What had been a tendency in the AD&D days became official policy with third edition. With everything suddenly available as a PC option, everything had to be everywhere - because otherwise, what would you do if somebody wanted to play one? Every single book came with a long list of new races, classes, and prestige classes, each of them trailing a sad little paragraph about 'Illumians in the world', or whatever, which supposedly told you how to integrate them into your campaign setting. Default D&D-land became a place where dozens or hundreds of intelligent species rubbed shoulders on the streets of every major city, practising dozens of different forms of magic (each with their own guilds and academies), and worshipping hundreds of different gods (each with their own churches). It got crowded. 

DiTerlizzi tieflings
Yes, Sigil was great. But surely not every D&D city should have to be like it!

The trouble with this kind of 'top-down' approach, where every race and class and god and form of magic is assumed to be more-or-less universal, is that it gives each individual addition a very heavy 'footprint' on the setting. If the same gods are worshipped almost everywhere, then adding a god means adding a new temple and a new religious order to almost every city. If all your monsters are widespread species rather than one-off freaks of nature, then adding a monster means finding a place for it in your ecosystem - and, if it's intelligent, in your cities and cultures as well. But more isn't always more: and while adding a goblin ghetto to your human city could lead to some interesting world-building, if it's just one of twenty-seven non-human enclaves scattered around the city's outskirts then it shrinks from something important and noteworthy into just being part of a long list of token background elements.

Recently, I've been increasingly moving away from this sort of model, in favour of one in which most monster populations, divine cults, schools of magic, and so on are assumed to be intensely local. Maybe that shrine to the Queen of Storms up on the mountaintop is the only place in the world sacred to her, and the three old men who tend it are her entire priesthood, and no-one outside this valley has even heard of her. Maybe the lizard-man tribe who live in this swamp are the only lizard-men in the world, the result of magical meddling by some long-dead magician who once inhabited these lands. Yes, if your PCs kill them all, that means there are no more lizard-men - but so what? It's not like you're in any danger of running out of monsters...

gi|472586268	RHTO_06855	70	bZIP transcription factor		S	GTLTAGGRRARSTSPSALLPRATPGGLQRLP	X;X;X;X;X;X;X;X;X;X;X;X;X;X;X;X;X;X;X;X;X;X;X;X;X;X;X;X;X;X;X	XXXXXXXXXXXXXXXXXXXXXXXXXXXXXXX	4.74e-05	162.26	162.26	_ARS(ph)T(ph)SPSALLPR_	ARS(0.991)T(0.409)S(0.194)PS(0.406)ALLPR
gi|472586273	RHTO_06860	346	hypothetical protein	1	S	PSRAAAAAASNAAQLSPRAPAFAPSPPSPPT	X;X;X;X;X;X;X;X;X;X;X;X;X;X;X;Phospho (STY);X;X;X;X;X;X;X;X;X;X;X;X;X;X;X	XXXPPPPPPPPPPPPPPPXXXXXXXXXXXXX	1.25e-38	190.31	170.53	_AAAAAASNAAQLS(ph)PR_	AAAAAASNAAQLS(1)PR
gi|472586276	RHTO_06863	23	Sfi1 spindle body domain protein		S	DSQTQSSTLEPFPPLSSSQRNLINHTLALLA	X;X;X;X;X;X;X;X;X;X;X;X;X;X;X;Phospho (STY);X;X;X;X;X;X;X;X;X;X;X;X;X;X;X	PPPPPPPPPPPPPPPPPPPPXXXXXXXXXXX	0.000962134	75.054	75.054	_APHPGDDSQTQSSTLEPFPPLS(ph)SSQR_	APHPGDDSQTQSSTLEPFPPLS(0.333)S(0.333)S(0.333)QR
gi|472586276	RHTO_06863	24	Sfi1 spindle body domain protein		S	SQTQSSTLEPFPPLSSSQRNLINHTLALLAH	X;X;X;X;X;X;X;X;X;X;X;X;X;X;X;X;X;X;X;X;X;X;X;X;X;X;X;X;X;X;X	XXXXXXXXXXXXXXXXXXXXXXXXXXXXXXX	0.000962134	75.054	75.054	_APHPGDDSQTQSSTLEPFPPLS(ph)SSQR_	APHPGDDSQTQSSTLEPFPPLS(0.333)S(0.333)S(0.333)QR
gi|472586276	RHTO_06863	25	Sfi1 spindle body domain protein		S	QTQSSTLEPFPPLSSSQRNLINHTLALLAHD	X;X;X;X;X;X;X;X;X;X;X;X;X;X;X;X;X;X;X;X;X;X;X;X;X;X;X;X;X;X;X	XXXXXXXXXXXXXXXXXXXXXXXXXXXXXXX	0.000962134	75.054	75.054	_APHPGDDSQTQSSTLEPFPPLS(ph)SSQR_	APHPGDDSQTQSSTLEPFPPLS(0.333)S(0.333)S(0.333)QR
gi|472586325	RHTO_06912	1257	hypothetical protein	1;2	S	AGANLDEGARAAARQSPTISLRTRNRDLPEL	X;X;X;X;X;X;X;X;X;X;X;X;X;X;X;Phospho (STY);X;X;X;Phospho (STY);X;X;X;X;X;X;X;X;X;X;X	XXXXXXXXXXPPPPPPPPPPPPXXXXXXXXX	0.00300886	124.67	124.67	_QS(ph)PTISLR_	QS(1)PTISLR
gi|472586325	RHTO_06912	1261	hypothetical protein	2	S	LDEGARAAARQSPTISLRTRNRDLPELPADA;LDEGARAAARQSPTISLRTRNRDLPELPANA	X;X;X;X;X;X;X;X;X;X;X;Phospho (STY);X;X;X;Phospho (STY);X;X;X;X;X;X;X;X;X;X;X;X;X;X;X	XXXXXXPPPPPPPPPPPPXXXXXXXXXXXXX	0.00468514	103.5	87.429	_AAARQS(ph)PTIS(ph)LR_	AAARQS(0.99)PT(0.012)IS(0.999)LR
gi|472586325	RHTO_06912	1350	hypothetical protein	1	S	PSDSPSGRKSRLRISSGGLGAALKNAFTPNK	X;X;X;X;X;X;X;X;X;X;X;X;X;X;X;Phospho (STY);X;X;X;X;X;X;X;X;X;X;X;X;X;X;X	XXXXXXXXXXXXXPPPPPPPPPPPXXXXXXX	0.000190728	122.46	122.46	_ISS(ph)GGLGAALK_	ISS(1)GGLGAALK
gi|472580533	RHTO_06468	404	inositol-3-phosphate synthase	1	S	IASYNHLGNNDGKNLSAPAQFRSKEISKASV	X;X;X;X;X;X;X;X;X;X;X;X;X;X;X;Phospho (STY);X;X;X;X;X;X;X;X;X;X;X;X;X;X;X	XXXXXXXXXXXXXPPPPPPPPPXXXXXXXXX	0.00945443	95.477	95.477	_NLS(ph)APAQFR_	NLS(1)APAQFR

There are a few things I like about this approach. It lets me use enormous numbers of different monsters, divinities, and so on within the same campaign setting, without making the world feel overcrowded: sure, there may be a hundred-odd intelligent races, but they live in a hundred different places, rather than all jostling together through the streets of every major settlement. It provides an easy way of differentiating areas: a wood full of trolls is going to be a very different sort of place to a wood full of hobgoblins, and can fulfil a very different role in the campaign world, rather than both of them just being 'generic monster-haunted fantasy woodlands'. It means that each thing is much more rooted in the campaign world: gnolls go from being 'one of a dozen annoying low-HD creatures who populate wandering monster tables' to 'those creatures which inhabit the badlands east of the City of Fallen Spires', with all the specific resonances and relevances that go with that. Perhaps above all, it preserves a sense of strangeness, of never knowing what's over the next hill or what might be living in the next valley. Top-down settings feel familiar and cosmopolitan: everywhere you go, you'll encounter the same creatures, the same religions, the same magical traditions. But more local settings can be much more mysterious, with the PCs genuinely not knowing whether, say, ettercap exist in this campaign world until they actually happen to encounter one.

Source: captvinvanity                                                                                                                                                      More
'Bugbears can only thrive under very specific environmental conditions...'

This sort of intensely local setting design obviously fits in with more sword-and-sorcery style settings, where the world is full of isolated pockets of strangeness, rather than the more 'joined-up' worlds typical of high fantasy settings; but I think that it can also be used to lend settings a more down-to-earth, folkloric, quasi-historical sensibility. In most folkloric traditions, every moor or forest is associated with its own specific supernatural denizens: Black Annis lived in the Dane Hills, the Yeth Hounds lived in Wistman's Wood, and so on. Entire pagan mythologies, with their own distinctive pantheons, existed in regions which in many campaign settings would only be a dozen or so hexes across. (How much space would Wales or Lithuania take up on your campaign map?) The traditional, 'naturalistic' D&D approach acts to flatten out those regional variations, collapsing all these distinctive figures into one race of trolls, one race of hags, one pantheon of gods, and so on. But if you want a world which is at once more varied and more grounded, I think there might be something to be said for thinking of adventure locations as unique geographical and cultural microclimates, featuring creatures and gods and forms of magic entirely unknown elsewhere. Don't feel you have to pick just one of D&D's many, many takes on, say, fish-men: take them all and put them in different bodies of water. Go small-scale. Go local. Zoom in for a change!